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Letters to the Editor
What you need to know for 01/19/2018

Council can’t, and shouldn’t, leave parking fees up to mayor

Council can’t, and shouldn’t, leave parking fees up to mayor

*Council can’t, and shouldn’t, leave parking fees up to mayor *If you’re a manager, then show some l

Council can’t, and shouldn’t, leave parking fees up to mayor

The Gazette [Oct. 13 editorial] says the Schenectady City Council should hand the parking meter fee “hot potato” to Mayor Gary McCarthy, because parking has always been a controversial subject and “no one wants to be blamed if taxpayers get hosed.” You therefore insist that “the buck has to stop somewhere and one person makes more sense than a handful.”

I suppose, on Columbus Day, we also could say Mussolini made the Italian trains run on time. But talk about a slippery slope... Many other issues are just as controversial in Schenectady.

The mayor and council have decided to ignore the state statute that says, “the legislative body of any city ... may by local law, ordinance, order, rule or regulation: establish parking time limits ... designate hours of operation ... and fix and require the payment of fees applicable to parking where such meters are in operation [NYS VAT §1640a(9)].”

They are also ignoring the courts that have made it clear a city council may only delegate its powers if it adequately states its purpose and sets standards and limits for the implementation of the delegated power. The council has done none of those things.

Our City Council may merely rubber-stamp whatever the mayor demands of them, but he is not the “legislative body” of Schenectady. The mayor asked last May that meter rates be raised to a dollar per hour “citywide” and then asked for full control to avoid the time it takes to have public hearings. He’s also itching to impose a flat $10 at times (after 6 p.m. on weekends and holidays) when no fees at all are charged at meters.

Can we really expect him to “go slowly?”

David Giacalone


If you’re a manager, then show some leadership

There is no “management” in this country. This starts at the top with the president and trickles down to the local level.

“Managers” have no clue what their subordinates are supposed to do. They have never worked the job, nor do they care to find out any information about the job; they just want the bottom line to continue upward. They then lay off the people doing the work and expect more out of the ones left, while expanding “management.”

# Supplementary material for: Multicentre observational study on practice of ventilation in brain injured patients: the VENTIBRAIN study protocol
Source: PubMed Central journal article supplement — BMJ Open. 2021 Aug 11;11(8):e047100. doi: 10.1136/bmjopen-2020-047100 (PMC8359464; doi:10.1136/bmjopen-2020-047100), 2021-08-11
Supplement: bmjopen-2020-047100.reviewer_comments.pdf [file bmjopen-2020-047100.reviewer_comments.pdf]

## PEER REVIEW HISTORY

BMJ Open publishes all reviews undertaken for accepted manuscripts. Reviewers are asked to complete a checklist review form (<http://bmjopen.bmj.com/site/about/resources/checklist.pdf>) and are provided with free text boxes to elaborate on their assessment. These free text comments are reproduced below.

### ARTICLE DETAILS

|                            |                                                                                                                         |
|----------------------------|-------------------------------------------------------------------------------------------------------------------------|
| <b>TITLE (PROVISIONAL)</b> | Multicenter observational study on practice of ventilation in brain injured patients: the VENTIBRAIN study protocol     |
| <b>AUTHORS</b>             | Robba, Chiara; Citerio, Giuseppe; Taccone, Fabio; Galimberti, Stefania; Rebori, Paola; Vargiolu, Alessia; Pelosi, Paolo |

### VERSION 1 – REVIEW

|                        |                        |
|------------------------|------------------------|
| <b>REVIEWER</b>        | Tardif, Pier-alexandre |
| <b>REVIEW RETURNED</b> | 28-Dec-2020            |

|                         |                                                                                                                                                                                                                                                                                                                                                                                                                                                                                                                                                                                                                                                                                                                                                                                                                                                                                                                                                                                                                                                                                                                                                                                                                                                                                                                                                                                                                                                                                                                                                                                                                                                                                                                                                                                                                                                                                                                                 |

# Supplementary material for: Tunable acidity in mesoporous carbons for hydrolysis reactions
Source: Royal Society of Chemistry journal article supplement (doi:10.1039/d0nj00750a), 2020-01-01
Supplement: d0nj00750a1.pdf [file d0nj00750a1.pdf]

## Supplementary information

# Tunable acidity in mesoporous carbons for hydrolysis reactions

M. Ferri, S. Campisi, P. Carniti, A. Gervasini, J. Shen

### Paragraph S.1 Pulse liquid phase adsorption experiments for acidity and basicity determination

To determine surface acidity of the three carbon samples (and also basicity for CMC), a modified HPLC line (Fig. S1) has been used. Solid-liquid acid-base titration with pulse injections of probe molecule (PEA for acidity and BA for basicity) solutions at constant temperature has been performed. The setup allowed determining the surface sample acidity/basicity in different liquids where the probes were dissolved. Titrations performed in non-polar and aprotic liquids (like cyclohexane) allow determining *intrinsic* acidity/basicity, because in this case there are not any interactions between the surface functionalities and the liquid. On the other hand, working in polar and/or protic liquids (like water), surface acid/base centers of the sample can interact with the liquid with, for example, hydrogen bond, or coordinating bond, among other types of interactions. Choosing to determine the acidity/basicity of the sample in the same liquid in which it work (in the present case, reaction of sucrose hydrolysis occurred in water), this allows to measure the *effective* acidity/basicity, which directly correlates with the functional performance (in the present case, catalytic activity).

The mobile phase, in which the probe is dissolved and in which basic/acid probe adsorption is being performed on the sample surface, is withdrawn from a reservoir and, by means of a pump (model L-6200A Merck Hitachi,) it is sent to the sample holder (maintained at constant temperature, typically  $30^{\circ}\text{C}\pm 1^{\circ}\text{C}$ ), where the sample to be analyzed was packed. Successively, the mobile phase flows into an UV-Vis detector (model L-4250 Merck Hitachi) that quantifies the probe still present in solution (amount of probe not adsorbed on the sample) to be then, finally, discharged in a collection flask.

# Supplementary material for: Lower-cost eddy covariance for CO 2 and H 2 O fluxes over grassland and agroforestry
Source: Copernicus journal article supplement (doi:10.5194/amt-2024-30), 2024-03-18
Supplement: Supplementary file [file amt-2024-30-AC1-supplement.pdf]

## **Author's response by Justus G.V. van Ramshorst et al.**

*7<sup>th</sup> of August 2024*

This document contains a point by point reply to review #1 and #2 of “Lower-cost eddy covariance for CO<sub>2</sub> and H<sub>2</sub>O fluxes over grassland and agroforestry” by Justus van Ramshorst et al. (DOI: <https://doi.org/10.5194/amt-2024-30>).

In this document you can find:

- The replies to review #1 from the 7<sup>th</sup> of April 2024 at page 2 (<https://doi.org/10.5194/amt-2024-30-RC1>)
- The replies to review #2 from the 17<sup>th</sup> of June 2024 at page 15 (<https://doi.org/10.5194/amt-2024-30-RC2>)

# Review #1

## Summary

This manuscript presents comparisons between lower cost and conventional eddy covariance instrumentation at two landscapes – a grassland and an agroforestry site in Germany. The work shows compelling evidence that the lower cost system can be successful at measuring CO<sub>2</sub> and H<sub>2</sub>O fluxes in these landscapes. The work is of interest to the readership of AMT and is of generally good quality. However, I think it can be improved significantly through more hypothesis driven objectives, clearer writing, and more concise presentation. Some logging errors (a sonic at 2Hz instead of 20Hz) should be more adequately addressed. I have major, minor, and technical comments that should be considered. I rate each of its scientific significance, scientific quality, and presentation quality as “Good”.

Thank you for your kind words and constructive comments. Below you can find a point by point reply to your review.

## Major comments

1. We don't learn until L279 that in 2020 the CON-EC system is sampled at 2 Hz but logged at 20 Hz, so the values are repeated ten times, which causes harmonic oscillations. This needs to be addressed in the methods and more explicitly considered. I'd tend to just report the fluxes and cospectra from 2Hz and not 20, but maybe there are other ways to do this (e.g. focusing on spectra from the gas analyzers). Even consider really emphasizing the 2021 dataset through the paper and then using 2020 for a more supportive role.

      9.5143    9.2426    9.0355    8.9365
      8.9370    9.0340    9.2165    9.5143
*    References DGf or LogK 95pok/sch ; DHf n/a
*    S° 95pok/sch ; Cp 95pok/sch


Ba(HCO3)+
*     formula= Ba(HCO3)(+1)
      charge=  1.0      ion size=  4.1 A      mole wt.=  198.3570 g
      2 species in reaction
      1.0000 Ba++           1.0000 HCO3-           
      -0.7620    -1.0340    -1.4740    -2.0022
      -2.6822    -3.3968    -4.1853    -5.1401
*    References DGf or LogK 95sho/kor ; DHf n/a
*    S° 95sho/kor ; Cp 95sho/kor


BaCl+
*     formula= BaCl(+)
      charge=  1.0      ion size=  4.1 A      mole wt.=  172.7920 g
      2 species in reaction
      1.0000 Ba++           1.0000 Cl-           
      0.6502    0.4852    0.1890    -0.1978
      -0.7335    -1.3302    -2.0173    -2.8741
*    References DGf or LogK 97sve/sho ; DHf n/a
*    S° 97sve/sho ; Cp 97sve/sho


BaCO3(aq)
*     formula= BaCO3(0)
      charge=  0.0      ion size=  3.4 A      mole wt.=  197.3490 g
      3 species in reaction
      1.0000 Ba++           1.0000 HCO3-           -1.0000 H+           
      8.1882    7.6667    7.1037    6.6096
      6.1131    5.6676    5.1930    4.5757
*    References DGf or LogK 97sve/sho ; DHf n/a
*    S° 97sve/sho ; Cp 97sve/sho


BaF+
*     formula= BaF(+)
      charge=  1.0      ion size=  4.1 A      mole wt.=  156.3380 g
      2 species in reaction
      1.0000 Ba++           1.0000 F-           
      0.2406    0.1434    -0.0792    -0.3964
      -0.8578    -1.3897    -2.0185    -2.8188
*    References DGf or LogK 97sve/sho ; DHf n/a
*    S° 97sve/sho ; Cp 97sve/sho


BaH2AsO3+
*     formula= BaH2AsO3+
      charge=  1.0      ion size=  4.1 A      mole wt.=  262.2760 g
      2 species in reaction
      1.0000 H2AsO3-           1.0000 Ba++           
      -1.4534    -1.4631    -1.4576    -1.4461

Whatever happened to the term “working boss?” This term is apparently now an oxymoron. I was a security manager at a past job. I worked with my people — actually did the job — even though I was chastised by others for doing so. But I knew my people, knew their families and scheduled them to accommodate them. To this day, when I see one of them, they thank me for the way I “managed” them.

Our “leaders” need to find out what their “employees” are doing. They need to have sympathy and assist them in any way the can (i.e., if they don’t get paid, neither does the manager). They need to know the job they are asking them to do. This should start with our president and Congress.

Without this, we will continue to see the juvenile antics of our governments, more people out of work, more homeless people, and continued ebbs and flows back to recessions. The time to change is now.

David W. Gallup


One line all that’s needed for this story

I respect the Gazette’s preference for brevity.

We have come full circle: Taxation without representation.

Michael E. Drouin


Time for leaders in D.C. to stop stalling

Watching this fiasco in Washington makes me think of the times we played sandlot baseball as kids.

There were no umpires to call balls and strikes. There was always one kid who would never swing. The pitch was either too fast or not in the right spot. We finally yelled at him to start swinging or else quit. If that didn’t work, we stopped letting him play until he changed.

Maybe it’s time we tell our politicians to start swinging. We could always find someone else who wanted to play.

Pete Pidgeon


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